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Research into Age-related Macular Degeneration

Michael Berry

Michael Berry II, PhD, Associate Professor, Molecular Biology and the Princeton Neuroscience Institute Co-Director, Program in Neuroscience, Princeton University (and CEO of Optimal Acuity Corp.)

Dr. Berry’s lab seeks to expand our understanding of  how neurons combine to carry out powerful computations and has discovered that the retina carries out a diverse set of surprisingly sophisticated computations. The lab has also recently begun to study the ability of the neocortex to carry out predictive computations, and how the electrical activity of neurons encodes information in populations of hundreds of neurons or more. 

He will use his AMDF Breakthrough Award, in the amount of $100,000, for research supporting the next phase of clinical testing of Corneal Photovitrification (CPV), paving the way for potential FDA approval of CPV in the United States.  CPV, already in use in Canada, is a new corneal laser procedure for vision improvement in patients with late-stage, dry or wet age-related macular degeneration and other retinal disorders, including those with Best disease and Stargardt disease. The painless procedure takes only seconds and uses a low energy laser to minimally alter the shape of the cornea, relocating light rays to an area just outside of an AMD patient’s damaged macula. There, functioning retinal cells capture and transmit images to the brain, allowing patients to regain several lines of useful vision, to read again, and to experience improved quality of life. Patients report instantly-improved sight, and the brain continues to adapt to this new information source, allowing vision to improve in subsequent years, in many cases.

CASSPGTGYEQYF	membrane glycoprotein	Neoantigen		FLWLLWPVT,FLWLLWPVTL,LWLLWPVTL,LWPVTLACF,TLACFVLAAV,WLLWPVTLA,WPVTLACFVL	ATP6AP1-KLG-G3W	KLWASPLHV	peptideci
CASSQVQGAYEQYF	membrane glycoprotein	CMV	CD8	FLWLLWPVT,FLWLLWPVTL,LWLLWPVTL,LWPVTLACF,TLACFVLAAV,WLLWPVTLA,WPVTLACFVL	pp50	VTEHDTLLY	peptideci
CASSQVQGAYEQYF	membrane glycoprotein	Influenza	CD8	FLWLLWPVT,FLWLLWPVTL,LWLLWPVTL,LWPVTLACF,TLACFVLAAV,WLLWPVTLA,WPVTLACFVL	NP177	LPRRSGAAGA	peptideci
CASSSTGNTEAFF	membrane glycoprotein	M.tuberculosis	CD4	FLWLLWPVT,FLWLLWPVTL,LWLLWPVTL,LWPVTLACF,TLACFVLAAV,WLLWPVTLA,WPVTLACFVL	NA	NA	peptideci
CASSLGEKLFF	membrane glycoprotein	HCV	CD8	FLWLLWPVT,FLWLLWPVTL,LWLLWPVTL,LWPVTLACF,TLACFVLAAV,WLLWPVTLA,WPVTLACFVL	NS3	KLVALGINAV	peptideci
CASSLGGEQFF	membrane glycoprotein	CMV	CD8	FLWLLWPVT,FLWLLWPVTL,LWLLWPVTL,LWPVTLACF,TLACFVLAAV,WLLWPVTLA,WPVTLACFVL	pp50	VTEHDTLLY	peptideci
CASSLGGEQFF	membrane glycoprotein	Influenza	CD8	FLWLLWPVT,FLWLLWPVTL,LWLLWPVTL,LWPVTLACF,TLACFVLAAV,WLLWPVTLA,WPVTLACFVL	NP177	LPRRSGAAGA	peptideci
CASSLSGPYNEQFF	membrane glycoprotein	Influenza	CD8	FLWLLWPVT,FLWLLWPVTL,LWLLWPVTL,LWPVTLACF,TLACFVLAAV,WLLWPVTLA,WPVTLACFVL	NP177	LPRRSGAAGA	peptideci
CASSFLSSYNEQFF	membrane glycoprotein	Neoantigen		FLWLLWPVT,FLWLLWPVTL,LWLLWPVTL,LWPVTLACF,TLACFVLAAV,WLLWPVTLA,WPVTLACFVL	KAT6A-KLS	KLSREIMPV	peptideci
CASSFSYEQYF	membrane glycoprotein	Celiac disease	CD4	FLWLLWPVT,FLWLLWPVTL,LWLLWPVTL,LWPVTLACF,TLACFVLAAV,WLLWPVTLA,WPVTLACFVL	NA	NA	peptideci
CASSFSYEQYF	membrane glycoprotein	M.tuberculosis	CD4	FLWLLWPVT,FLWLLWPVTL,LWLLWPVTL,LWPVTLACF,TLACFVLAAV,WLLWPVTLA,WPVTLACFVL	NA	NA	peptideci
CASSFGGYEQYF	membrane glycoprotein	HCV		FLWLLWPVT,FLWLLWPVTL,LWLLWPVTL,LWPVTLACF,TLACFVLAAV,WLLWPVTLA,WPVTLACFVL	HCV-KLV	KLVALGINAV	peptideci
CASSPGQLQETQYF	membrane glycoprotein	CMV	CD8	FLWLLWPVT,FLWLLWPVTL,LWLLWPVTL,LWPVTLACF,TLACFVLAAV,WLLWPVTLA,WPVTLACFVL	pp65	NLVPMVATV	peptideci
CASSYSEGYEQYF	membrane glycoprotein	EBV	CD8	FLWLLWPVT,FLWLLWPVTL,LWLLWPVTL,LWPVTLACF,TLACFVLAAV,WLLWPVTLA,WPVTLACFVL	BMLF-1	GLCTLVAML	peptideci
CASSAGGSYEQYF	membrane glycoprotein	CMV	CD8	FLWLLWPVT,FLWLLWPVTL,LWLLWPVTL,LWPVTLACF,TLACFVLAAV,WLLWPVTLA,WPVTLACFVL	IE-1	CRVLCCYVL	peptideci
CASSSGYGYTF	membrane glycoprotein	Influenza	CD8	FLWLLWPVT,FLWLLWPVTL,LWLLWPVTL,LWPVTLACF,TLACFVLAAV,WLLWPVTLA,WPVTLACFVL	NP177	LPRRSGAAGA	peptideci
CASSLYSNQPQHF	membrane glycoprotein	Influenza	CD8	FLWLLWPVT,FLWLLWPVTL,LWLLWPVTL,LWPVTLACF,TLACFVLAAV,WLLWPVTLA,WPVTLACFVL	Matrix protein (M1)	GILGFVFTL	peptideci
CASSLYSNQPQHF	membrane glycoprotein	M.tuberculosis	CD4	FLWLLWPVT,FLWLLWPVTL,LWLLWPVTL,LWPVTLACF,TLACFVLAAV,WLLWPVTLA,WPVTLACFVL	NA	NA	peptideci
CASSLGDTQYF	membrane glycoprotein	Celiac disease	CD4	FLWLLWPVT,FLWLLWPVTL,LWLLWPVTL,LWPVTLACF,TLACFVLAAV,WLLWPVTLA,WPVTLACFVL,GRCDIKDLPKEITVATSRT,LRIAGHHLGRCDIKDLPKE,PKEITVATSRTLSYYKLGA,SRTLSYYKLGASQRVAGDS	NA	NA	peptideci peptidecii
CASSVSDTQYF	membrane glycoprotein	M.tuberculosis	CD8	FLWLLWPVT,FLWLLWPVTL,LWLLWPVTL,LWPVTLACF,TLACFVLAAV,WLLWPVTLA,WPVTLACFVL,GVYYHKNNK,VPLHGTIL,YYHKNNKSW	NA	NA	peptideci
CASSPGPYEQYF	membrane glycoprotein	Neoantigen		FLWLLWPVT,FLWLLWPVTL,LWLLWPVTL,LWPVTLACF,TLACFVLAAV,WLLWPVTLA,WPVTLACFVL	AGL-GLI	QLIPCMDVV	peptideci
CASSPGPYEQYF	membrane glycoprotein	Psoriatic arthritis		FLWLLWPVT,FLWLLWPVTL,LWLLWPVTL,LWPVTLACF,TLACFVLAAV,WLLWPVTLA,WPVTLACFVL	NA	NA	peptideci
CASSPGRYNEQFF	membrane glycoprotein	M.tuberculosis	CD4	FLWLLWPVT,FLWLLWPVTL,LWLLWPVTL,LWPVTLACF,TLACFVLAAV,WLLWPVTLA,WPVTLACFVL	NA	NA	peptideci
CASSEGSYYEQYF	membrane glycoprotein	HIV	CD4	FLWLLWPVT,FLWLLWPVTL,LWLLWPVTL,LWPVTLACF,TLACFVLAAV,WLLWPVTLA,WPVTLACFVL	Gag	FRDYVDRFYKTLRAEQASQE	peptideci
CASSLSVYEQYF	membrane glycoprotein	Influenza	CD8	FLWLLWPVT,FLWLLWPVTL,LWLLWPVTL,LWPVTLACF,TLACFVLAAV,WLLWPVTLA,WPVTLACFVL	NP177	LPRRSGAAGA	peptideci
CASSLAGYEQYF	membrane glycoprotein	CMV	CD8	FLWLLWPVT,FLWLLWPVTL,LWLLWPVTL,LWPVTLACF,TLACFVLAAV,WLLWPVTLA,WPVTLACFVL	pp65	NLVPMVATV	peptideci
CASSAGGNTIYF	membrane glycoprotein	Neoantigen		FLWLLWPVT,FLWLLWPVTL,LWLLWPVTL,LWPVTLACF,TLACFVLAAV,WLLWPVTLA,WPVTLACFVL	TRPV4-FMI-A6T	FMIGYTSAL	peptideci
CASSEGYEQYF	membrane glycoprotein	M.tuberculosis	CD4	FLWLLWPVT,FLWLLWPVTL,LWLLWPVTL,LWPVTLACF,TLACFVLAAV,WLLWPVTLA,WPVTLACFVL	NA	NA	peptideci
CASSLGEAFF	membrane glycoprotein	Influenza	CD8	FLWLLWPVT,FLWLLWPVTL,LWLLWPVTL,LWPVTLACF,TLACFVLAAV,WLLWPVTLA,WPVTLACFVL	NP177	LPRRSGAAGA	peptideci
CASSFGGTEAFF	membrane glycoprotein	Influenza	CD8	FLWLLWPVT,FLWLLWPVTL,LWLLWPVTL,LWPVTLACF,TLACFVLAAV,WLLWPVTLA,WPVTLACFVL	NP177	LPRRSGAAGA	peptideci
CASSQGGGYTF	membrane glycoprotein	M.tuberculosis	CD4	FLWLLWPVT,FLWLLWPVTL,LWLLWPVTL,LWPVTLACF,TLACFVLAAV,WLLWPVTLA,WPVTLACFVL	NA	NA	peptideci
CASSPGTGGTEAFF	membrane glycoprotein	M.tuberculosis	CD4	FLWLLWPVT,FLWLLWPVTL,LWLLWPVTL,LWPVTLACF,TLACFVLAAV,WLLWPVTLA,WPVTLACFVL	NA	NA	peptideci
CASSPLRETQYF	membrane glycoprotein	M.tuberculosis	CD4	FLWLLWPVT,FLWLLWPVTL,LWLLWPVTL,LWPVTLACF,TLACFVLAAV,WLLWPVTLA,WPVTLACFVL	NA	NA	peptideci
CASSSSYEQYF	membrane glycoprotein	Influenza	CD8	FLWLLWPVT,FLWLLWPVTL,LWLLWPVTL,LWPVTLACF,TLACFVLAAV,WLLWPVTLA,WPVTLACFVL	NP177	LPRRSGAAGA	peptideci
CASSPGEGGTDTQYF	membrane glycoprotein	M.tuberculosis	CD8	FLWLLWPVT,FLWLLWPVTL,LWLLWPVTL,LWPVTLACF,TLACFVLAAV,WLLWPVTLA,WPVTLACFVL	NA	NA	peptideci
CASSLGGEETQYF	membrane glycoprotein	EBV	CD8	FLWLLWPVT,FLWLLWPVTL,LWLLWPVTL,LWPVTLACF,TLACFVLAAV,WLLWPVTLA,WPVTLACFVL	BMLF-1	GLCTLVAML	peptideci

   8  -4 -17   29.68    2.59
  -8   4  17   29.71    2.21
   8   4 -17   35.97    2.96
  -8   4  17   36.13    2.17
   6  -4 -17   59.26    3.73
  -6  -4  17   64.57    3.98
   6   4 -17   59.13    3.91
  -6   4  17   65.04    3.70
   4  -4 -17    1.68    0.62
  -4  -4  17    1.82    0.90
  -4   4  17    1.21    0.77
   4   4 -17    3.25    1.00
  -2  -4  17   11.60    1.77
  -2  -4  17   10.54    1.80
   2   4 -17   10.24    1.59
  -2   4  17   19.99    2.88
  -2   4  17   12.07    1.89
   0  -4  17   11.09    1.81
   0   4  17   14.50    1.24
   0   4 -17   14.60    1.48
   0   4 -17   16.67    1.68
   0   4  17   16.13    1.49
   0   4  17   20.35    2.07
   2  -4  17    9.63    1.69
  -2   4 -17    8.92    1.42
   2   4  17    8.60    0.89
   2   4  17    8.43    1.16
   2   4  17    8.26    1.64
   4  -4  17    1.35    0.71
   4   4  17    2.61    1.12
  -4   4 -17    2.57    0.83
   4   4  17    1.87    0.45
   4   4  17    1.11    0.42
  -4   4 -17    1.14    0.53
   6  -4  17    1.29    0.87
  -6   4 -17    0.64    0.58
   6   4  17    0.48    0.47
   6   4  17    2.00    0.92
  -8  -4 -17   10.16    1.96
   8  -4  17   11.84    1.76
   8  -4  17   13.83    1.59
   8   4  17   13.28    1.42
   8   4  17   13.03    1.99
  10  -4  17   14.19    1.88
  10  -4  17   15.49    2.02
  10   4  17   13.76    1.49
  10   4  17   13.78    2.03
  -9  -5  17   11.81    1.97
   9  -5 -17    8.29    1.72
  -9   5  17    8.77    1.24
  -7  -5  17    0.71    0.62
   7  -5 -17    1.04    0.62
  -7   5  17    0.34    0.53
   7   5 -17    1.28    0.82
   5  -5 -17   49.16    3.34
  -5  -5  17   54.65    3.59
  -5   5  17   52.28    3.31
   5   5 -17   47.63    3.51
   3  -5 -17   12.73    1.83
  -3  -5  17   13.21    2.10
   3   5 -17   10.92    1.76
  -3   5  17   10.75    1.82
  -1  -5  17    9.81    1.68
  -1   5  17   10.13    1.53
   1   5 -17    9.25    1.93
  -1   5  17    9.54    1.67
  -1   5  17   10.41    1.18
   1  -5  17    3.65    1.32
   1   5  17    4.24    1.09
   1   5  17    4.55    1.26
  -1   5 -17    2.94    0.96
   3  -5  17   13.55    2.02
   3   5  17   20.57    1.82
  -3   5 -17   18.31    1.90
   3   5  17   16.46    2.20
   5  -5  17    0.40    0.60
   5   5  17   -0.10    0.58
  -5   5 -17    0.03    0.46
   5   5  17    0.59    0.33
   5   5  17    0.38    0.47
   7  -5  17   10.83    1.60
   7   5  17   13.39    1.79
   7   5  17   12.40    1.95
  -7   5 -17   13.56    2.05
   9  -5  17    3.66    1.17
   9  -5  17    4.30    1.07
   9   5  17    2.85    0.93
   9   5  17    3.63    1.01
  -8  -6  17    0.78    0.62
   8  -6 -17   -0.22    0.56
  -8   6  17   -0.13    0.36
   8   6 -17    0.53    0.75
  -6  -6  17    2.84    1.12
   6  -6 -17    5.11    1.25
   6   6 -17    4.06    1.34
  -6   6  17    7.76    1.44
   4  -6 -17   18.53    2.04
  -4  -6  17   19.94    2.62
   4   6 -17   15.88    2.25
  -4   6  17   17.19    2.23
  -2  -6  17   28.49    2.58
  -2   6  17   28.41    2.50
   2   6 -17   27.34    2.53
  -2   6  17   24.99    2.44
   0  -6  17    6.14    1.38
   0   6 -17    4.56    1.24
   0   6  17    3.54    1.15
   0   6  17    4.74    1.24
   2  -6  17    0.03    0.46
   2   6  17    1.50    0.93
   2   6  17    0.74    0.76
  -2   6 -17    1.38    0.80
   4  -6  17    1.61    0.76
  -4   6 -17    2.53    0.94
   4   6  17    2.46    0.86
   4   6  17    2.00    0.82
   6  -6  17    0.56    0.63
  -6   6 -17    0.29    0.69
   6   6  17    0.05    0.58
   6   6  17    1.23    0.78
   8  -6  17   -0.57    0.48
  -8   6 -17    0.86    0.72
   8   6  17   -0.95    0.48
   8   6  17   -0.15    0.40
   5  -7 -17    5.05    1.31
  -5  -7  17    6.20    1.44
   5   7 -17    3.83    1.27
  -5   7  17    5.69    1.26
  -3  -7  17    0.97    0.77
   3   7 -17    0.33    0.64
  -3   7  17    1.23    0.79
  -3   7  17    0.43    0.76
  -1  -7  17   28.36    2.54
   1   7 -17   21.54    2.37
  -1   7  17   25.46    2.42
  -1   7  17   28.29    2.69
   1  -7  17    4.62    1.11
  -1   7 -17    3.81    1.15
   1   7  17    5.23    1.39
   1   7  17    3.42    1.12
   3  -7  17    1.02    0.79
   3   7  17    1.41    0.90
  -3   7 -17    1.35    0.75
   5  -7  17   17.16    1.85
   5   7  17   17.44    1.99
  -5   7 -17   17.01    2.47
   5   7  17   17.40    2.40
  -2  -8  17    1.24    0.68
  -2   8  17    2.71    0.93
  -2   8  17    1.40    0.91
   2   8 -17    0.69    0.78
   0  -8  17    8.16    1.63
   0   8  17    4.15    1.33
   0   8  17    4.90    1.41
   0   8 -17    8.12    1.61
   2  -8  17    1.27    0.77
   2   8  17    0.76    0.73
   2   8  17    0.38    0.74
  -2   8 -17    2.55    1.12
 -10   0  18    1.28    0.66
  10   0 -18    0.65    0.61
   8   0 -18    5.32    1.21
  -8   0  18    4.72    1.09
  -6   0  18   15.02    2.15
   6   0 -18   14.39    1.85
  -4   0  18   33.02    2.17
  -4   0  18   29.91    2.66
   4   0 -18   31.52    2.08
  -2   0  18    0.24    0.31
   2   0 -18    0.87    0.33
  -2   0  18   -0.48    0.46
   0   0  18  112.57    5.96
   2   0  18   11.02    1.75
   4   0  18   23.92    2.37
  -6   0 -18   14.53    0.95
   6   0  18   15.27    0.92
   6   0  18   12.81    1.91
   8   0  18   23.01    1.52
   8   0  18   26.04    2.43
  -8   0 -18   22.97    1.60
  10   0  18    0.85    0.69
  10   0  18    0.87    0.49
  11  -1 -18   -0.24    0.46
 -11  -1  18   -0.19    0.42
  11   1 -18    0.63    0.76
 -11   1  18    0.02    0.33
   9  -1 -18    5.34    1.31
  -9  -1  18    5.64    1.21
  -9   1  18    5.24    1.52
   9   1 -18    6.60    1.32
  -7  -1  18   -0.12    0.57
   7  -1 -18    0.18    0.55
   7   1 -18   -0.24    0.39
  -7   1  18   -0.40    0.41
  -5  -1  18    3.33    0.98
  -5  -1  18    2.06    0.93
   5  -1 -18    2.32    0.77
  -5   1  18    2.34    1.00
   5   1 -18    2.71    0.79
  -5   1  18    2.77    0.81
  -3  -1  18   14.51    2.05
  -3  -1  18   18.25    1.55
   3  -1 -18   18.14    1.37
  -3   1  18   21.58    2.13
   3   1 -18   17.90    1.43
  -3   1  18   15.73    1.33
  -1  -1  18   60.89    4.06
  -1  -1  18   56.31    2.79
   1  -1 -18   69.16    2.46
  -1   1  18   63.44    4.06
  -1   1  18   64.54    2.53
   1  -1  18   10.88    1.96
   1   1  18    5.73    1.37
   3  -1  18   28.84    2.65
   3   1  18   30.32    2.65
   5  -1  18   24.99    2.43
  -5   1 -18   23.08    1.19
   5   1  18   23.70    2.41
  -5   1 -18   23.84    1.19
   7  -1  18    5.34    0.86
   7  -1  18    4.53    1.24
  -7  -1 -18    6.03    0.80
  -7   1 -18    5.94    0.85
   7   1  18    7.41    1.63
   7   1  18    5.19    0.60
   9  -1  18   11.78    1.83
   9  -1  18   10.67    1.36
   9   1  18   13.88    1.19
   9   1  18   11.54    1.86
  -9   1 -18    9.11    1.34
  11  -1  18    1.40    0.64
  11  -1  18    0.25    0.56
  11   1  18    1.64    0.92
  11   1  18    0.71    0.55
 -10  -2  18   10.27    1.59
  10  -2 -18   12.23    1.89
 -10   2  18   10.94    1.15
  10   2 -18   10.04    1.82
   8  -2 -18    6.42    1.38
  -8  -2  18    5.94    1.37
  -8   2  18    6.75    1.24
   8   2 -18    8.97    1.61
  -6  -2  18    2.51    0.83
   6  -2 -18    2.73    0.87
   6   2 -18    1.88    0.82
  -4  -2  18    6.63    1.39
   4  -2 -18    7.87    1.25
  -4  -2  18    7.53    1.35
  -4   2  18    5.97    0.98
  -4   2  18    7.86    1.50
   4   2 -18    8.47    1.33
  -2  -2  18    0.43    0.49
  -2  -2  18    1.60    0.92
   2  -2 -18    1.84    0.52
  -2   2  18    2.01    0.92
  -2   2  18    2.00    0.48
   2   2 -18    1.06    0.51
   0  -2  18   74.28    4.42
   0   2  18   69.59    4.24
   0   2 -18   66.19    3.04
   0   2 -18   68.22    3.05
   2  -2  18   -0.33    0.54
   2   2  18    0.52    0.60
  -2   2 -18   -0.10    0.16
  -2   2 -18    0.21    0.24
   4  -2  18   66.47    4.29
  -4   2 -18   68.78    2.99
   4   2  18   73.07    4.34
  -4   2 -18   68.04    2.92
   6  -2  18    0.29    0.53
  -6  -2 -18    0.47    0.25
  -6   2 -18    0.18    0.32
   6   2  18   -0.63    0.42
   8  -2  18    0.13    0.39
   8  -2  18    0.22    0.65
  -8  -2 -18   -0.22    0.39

Shun-Yun Cheng, PhD student 
Department of Ophthalmology and Visual Sciences, University of Massachusetts Medical School
With her 2019 AMDF/ARVO Travel Grant, Shun-Yun presented results from her study  in which she proposed a new way of thinking about the origins of AMD: that photoreceptors may initiate damage to the layer of cells that nourish them, the retinal pigment epithelium (RPE), rather than the other way around as is currently accepted. Her study opens new therapeutic opportunities.

Publications: Shun-Yun’s Travel Grant work contributed to the following article.
Altered photoreceptor metabolism in mouse causes late stage age-related macular degeneration-like pathologies